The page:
[Date Prev][Date Next][Thread Prev][Thread Next][Date Index][Thread Index]

orion history and ?

Dear Orion readers,
I tried to send this before, but apparently failed. If you receive two
copies, my apologies.
S. Goranson
>To attempt a sentence with which N.P. Lemche, F. Cryer and I could--perhaps
>: - ) --agree: writing history isn't always easy, and others may be
>derisive of one's efforts. But, lately, we more often disagree.  As the
>review of N. Golb by L. Grabbe (DSD 4.1 [1997] 124-28) expressed rather
>well, Golb spent more energy attempting to kick out supports of other
>hypotheses than in making a coherent case for his own. If one finds (rather
>than imagines) such, presenting real contraindications to a hypothesis is
>of course a necessary part of the process. But I wish some Golb-supporter
>(and it appears that many of them subscribe to orion) would read and
>respond to that review's itemized reasons why Golb's hypothesis is
>"incredible." But on orion we have lately seen other approaches. Asking for
>proof while stipulating that one won't consider Pliny (or the ostracon's
>links with the clearly-Essene Serek hayahad, or etymology, or
>predestination, etc.) is not serious or scholarly.
>	Strugnell hasn't written many articles, but some of the early ones
>are quite good. The IEJ article cited his important JBL article on Ant 18,
>an article I have commended on orion before. F. Cryer raised the issue of a
>slave. Fair enough. But did he, as a historian (or D. Washburn, who
>mischaracterized the IEJ discussion on this,  and omitted the options it
>offered) take the simple effort of reading the JBL article? I haven't heard
>their historian's analysis of it. I have read from F. Cryer that (he hopes)
>I'm at the "end of my tether"--language more apt for hunting than
>history-writing. From D. Washburn, I've been advised to "get real" and so
>on, instead. N. P. Lemche called my reading ability "monstreus" and
>unintelligent. I don't consider him unintelligent, though raising
>Wellhausen after the fact was irrelevant. To look, e.g., at the Dan
>inscription and declare it does not refer to "house of David" and if it
>does it's a fake is not an act of intelligence but an act of will. An
>example of misreading is D. Washburn claiming that when I wrote of
>"ancient historians" I meant Qumranites rather than the obvious Josephus et
>al. Regrettably, part of writing history involves looking into past efforts
>to distort history. Perhaps it would be more useful now to address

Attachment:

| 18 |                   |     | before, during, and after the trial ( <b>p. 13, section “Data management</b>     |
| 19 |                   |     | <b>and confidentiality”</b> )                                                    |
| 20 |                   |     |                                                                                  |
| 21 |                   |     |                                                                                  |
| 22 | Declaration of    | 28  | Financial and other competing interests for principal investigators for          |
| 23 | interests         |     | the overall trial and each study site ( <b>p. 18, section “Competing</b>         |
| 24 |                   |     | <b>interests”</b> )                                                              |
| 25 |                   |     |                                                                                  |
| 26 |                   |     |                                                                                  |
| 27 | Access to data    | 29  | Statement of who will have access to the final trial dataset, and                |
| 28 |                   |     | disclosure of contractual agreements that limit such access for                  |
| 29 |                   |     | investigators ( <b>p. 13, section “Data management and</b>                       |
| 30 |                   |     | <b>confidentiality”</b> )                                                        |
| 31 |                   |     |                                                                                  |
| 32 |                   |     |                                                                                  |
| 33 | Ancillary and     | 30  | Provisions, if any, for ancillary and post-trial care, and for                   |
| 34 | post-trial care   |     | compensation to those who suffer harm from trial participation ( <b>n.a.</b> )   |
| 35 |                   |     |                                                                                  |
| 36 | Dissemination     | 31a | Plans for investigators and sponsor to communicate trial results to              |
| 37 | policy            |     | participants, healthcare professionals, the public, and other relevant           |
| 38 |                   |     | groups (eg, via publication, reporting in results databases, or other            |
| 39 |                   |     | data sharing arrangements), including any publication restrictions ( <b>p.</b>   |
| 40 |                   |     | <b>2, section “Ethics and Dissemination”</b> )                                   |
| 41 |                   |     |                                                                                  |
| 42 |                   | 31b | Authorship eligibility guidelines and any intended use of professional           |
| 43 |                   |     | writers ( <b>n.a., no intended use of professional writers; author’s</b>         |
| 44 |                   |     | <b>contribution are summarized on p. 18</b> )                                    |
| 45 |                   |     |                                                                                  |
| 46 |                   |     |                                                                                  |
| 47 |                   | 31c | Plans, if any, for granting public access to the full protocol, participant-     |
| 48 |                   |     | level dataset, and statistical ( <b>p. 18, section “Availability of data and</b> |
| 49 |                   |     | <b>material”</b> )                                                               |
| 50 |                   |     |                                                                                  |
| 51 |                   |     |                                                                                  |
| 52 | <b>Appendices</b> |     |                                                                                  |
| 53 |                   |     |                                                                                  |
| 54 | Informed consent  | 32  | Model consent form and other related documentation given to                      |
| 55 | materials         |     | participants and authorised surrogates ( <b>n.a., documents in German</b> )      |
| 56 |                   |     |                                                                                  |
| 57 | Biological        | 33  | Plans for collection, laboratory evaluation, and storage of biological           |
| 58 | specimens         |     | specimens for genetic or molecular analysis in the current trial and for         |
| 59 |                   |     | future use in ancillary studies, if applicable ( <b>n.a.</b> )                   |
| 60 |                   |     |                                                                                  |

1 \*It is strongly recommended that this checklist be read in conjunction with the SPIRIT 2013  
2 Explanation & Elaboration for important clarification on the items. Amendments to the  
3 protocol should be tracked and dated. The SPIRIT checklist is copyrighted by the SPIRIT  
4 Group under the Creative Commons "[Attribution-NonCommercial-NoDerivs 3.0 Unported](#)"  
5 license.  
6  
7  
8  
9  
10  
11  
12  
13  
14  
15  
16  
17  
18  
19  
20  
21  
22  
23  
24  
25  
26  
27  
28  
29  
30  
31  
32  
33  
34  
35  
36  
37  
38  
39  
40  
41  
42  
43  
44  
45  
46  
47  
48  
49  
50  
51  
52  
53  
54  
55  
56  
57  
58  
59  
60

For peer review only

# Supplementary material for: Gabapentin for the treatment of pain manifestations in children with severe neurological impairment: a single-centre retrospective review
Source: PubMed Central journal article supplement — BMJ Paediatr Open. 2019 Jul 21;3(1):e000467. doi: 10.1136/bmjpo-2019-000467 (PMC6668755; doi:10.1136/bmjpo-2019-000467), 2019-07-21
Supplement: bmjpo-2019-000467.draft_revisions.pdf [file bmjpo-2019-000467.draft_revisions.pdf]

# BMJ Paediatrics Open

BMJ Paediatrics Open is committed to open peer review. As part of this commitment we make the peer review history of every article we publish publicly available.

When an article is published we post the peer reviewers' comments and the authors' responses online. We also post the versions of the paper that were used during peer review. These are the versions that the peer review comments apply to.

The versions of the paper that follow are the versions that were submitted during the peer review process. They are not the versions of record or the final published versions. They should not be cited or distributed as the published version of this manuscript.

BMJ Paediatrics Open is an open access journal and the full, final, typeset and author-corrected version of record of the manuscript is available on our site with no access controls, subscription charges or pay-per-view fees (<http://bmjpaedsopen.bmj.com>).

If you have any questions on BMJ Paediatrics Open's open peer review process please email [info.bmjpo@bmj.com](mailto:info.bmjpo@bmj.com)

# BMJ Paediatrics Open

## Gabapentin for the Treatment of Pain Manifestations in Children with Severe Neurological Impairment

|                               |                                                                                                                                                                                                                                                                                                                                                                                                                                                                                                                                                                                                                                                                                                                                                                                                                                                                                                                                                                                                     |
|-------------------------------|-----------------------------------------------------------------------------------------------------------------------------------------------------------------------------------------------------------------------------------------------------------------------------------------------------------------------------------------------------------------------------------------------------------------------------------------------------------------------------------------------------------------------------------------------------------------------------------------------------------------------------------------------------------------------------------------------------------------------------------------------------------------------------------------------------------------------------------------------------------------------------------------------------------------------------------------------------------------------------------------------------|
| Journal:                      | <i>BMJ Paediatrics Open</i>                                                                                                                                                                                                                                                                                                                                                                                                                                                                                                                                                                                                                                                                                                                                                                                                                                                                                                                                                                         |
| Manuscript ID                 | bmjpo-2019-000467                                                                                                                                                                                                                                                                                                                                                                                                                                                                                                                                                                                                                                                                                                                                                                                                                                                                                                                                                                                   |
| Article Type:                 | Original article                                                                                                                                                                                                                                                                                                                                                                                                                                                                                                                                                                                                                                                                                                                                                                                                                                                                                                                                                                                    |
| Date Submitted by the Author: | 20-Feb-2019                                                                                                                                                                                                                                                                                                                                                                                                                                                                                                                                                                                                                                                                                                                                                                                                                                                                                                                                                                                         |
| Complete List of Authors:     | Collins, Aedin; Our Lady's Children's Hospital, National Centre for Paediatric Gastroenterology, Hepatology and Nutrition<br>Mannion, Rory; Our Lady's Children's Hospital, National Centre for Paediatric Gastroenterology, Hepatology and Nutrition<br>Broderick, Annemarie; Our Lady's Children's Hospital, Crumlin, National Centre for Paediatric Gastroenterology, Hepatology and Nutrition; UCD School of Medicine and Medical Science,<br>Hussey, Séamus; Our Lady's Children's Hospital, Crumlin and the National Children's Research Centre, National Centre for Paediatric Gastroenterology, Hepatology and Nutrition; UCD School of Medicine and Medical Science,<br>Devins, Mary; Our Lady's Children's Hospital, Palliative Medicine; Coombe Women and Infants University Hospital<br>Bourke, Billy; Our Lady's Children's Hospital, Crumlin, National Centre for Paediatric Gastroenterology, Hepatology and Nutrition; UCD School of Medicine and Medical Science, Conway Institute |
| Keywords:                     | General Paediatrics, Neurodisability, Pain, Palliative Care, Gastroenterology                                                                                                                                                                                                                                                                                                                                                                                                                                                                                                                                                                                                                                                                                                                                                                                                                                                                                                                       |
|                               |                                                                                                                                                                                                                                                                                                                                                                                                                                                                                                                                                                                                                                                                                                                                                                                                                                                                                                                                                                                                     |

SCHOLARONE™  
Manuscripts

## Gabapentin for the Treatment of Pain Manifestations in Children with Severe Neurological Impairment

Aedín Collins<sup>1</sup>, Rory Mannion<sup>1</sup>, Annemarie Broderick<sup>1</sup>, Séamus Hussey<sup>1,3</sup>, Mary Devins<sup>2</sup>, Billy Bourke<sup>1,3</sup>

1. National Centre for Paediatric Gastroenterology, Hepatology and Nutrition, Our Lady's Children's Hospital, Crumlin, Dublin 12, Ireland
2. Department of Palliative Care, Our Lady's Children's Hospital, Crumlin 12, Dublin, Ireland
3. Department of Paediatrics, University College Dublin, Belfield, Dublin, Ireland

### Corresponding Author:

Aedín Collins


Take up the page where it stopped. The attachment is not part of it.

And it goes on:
>publications than posts.
>	Lena Cansdale's book, Qumran and the Essenes (Tuebingen, 1997) is a
>revised dissertation. I do not personally know Dr. Cansdale. Since Qumran
>literature is so vast, not surprisingly, she refers to some publications I
>have not read (her references to early visitors to the Dead Sea are useful,
>and include some new to me); on the other hand she omits important
>literature and relies on some poor choices in cases. I can't review the
>whole book here, but address two issues. First, the publisher and/or author
>really should have corrected the very many spelling errors. Misspellings
>and the sorts of opinions that appear in non-peer reviewed posts are one
>thing, but, for the expensive volumes from Mohr Siebeck, this is not too
>much to ask. Second, her treatment of Pliny is quite poor.
>	On pp. 26-27 she declares what I (and most) consider the correct
>reading of "infra" in NH 5.73 is "quite unacceptable." Does she refer to
>the many articles which, inter alia, painstakingly analyse the 17 uses of
>"infra" in the Geographic sections of the book? Does she cite Burchard,
>Laperrousaz, Stern, Sallmann, Schuerer, Serbat, Momigliano, Reinach, or my
>brief first article on M. Agrippa? No. Her only secondary literature cited
>is her BAR article (with Crown). She points out that Pliny sometimes used
>terms for north and south, etc.--a fact which was never at issue.  She
>writes as if unaware that Pliny used over 100 sources. She writes as if
>Israel had not been the subject of archaeological surveys (including a
>systematic one, now in process of mutli-volume publication).  I could go
>on, but this post is already too long.  In brief, it is Cansdale's
>treatment of Pliny which is "quite unacceptable."
>If past experience is a good guide, some orion readers, including some
>vocal ones, will not fairly consider these observations. I write in the
>hope that some others will.
>Best wishes,
>Stephen Goranson   goranson@duke.edu